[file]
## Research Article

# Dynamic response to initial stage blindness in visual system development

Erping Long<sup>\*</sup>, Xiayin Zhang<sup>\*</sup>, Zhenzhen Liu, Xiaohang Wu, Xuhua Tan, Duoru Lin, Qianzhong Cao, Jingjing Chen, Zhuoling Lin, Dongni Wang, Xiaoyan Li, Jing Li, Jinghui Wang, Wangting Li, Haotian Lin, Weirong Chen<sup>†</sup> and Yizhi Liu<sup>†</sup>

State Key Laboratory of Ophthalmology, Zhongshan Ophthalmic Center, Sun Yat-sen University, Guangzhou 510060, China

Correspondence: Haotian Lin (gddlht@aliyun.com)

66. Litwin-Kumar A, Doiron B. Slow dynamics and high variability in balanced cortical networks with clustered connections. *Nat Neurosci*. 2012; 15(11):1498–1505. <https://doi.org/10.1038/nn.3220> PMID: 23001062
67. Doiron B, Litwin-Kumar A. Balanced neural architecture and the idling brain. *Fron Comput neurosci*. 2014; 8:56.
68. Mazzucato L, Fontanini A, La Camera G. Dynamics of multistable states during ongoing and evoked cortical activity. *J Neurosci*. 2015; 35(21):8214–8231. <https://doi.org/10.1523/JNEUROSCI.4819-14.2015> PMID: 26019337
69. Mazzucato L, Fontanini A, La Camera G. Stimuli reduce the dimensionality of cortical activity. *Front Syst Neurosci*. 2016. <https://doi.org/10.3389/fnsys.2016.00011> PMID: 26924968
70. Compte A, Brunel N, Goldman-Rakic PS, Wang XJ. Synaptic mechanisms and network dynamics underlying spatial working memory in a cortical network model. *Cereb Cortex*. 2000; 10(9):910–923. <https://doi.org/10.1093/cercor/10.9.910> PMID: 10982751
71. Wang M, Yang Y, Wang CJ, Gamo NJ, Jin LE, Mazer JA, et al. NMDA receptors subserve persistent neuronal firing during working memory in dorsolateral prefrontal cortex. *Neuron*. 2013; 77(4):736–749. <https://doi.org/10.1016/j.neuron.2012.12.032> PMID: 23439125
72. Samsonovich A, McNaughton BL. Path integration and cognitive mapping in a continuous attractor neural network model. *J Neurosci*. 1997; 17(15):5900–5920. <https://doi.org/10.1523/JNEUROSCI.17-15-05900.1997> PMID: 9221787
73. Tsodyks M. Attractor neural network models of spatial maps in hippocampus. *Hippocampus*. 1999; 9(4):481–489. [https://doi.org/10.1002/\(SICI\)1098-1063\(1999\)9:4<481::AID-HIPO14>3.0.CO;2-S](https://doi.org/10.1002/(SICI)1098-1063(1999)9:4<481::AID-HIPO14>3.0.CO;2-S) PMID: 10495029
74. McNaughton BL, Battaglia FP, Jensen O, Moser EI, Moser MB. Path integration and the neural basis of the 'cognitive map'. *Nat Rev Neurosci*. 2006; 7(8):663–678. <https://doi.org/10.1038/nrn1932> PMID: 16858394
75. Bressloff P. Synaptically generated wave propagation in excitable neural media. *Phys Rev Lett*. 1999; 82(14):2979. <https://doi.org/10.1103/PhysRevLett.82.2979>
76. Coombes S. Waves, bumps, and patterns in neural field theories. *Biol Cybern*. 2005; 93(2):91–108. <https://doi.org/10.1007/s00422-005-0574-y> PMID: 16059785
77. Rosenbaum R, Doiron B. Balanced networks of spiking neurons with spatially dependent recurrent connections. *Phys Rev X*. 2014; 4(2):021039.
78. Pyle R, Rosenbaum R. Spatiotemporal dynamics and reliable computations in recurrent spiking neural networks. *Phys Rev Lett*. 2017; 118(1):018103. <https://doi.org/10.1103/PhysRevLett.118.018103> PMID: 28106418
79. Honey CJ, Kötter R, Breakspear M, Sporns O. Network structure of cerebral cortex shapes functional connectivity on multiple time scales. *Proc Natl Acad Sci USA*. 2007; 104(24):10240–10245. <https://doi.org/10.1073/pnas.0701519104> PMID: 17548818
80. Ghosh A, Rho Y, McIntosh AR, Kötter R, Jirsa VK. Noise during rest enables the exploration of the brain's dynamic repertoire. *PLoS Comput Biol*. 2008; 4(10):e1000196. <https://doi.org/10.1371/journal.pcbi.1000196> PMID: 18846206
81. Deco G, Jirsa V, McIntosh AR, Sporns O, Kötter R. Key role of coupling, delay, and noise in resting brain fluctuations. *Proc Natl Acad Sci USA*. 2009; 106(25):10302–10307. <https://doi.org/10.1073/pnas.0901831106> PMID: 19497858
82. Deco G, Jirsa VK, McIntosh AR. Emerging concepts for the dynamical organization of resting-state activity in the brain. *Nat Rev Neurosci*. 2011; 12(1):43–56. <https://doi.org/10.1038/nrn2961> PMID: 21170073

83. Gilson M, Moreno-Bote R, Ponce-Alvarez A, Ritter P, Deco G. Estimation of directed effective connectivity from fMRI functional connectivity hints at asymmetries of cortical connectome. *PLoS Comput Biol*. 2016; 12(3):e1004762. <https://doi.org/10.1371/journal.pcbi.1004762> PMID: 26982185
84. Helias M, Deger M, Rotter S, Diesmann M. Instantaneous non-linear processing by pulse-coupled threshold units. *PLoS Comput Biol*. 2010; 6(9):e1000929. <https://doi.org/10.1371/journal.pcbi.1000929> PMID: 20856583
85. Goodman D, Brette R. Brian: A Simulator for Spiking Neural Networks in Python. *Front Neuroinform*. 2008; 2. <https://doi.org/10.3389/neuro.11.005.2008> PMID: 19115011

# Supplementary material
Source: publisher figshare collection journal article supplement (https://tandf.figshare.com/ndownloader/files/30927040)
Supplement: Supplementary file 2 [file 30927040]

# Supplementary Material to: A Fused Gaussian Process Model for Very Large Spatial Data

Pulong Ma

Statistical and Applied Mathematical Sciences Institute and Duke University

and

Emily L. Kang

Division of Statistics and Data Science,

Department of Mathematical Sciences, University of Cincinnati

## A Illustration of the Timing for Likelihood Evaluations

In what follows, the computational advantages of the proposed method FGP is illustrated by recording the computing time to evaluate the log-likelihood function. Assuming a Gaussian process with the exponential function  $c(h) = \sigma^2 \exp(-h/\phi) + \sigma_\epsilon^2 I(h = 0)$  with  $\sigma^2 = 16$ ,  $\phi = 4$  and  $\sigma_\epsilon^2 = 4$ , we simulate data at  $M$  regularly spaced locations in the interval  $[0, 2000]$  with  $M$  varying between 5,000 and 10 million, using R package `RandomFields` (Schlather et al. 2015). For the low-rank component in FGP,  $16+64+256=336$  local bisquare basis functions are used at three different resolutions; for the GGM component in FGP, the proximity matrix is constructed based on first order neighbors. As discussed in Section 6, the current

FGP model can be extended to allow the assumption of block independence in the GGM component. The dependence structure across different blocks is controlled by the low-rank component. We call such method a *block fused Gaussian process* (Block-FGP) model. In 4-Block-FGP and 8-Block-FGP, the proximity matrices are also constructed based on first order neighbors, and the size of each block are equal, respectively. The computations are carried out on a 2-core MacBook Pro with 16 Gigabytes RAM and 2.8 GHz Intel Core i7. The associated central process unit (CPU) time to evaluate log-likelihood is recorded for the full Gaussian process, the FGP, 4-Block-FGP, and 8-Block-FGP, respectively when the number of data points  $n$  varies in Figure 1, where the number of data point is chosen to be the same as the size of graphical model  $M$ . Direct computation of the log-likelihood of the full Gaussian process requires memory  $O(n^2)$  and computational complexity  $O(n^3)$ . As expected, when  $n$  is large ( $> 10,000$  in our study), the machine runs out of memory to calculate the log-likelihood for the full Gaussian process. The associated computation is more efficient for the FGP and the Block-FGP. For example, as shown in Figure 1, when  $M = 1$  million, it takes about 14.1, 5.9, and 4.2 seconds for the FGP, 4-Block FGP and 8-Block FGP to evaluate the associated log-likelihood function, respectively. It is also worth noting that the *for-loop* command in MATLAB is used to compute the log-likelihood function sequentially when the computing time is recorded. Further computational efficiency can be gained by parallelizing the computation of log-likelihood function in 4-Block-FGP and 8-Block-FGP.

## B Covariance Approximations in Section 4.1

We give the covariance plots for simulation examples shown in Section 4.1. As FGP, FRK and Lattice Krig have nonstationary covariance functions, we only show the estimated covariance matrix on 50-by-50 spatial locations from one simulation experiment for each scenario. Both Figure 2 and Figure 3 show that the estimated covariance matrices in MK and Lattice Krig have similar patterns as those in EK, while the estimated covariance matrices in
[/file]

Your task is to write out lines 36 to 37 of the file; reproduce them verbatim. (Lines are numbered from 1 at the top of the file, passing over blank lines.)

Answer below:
## A Illustration of the Timing for Likelihood Evaluations

In what follows, the computational advantages of the proposed method FGP is illustrated by recording the computing time to evaluate the log-likelihood function. Assuming a Gaussian process with the exponential function  $c(h) = \sigma^2 \exp(-h/\phi) + \sigma_\epsilon^2 I(h = 0)$  with  $\sigma^2 = 16$ ,  $\phi = 4$  and  $\sigma_\epsilon^2 = 4$ , we simulate data at  $M$  regularly spaced locations in the interval  $[0, 2000]$  with  $M$  varying between 5,000 and 10 million, using R package `RandomFields` (Schlather et al. 2015). For the low-rank component in FGP,  $16+64+256=336$  local bisquare basis functions are used at three different resolutions; for the GGM component in FGP, the proximity matrix is constructed based on first order neighbors. As discussed in Section 6, the current